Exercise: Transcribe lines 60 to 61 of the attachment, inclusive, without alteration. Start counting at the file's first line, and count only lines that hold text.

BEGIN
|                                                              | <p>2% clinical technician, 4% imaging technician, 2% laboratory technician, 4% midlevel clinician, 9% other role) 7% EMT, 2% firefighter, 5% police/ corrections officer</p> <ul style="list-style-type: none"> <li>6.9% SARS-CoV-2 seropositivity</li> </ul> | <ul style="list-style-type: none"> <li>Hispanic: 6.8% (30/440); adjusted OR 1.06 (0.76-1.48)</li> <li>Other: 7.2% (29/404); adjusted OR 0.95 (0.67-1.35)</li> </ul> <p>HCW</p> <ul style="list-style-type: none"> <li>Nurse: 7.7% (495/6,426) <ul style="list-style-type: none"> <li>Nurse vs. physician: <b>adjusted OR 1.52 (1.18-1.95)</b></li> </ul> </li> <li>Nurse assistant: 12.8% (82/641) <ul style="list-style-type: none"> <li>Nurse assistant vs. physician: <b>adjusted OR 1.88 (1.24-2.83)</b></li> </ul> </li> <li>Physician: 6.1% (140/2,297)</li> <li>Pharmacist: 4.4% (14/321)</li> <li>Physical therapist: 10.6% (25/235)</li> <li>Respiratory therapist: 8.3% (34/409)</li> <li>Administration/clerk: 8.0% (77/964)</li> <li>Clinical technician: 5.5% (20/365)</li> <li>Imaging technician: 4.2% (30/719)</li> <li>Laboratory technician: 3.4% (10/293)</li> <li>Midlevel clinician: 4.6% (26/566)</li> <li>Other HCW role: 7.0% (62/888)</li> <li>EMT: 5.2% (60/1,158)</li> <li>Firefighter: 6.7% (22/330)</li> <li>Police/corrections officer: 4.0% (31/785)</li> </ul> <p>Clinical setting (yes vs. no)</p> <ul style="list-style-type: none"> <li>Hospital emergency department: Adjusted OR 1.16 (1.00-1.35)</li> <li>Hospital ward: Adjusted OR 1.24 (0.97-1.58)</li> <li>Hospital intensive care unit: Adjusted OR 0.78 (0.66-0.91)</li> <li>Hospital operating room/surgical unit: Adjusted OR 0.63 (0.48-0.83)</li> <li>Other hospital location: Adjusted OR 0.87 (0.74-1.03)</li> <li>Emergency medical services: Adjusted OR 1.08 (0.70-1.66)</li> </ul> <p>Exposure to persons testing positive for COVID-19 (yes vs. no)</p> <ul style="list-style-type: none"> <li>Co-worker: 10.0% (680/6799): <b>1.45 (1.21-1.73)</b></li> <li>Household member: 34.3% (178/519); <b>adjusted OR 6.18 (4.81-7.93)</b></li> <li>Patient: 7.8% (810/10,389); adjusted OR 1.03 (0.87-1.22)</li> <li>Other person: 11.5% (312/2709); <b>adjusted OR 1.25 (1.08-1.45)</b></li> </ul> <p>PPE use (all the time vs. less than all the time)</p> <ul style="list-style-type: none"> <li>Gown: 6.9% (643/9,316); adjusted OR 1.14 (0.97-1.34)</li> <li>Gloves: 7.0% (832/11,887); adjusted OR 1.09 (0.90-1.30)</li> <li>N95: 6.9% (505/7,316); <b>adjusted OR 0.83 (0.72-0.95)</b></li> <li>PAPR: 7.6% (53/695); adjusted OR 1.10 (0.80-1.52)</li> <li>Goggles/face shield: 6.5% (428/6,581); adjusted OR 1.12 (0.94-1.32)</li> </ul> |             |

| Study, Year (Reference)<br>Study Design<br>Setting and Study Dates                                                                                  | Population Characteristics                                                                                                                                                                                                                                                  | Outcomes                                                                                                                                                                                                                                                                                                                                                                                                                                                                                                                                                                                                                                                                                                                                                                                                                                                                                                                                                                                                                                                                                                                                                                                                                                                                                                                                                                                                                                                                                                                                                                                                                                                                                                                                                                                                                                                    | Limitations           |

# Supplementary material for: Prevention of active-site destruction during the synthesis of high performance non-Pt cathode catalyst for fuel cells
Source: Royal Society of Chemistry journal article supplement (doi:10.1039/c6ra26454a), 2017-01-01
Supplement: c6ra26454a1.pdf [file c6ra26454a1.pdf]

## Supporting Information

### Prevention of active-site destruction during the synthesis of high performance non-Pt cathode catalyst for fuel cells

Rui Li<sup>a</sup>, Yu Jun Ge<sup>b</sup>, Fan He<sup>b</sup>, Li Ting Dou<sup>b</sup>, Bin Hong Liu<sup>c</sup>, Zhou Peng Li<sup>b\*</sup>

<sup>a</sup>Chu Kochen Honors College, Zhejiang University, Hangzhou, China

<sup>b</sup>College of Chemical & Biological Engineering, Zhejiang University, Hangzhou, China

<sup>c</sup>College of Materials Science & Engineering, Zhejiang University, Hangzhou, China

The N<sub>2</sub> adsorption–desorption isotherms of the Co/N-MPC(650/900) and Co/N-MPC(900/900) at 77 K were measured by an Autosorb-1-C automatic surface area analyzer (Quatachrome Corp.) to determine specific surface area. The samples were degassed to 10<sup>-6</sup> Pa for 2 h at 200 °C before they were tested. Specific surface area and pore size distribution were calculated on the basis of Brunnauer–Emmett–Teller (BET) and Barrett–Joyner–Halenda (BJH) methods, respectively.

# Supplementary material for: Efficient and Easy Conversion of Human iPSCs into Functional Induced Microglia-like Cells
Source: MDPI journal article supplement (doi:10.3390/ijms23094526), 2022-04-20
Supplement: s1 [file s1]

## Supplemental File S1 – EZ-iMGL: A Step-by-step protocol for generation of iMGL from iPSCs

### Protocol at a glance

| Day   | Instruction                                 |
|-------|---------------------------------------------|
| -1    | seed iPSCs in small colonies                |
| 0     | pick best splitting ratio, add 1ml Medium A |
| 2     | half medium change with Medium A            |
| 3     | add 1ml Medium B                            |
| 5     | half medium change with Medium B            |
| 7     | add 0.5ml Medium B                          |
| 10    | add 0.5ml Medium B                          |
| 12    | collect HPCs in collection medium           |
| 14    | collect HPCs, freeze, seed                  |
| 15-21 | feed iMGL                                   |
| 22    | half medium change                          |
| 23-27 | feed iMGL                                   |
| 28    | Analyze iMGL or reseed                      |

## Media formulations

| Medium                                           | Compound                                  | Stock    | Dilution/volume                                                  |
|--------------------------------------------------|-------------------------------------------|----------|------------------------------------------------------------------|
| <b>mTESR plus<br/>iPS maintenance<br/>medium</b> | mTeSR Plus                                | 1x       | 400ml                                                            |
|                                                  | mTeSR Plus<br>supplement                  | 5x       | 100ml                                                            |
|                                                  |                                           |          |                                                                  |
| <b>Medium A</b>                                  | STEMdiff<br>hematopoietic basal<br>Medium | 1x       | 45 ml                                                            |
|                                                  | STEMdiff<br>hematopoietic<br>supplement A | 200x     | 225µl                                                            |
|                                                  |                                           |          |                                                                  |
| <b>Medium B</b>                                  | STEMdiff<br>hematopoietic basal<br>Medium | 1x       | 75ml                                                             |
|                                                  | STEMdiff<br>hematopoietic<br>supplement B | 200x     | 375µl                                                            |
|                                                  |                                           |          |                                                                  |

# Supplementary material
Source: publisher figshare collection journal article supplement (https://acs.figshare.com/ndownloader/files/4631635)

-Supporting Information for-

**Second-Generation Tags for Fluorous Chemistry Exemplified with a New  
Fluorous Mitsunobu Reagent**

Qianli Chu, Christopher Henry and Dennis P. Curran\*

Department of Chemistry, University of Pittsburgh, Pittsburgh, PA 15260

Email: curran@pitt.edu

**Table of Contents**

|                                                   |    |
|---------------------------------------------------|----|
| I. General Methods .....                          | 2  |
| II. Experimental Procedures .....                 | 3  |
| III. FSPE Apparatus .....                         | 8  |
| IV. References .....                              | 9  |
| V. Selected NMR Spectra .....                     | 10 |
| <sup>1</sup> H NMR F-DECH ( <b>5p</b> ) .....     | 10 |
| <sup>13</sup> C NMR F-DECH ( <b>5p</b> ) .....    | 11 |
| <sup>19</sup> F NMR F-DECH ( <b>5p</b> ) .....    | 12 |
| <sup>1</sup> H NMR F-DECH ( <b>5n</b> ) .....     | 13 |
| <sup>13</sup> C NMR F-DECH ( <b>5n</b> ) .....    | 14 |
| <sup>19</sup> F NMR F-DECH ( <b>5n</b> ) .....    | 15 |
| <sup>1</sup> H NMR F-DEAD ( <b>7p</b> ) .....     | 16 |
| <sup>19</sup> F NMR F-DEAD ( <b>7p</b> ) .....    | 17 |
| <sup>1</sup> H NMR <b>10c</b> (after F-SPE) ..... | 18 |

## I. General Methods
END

| V. Selected NMR Spectra .....                     | 10 |
| <sup>1</sup> H NMR F-DECH ( <b>5p</b> ) .....     | 10 |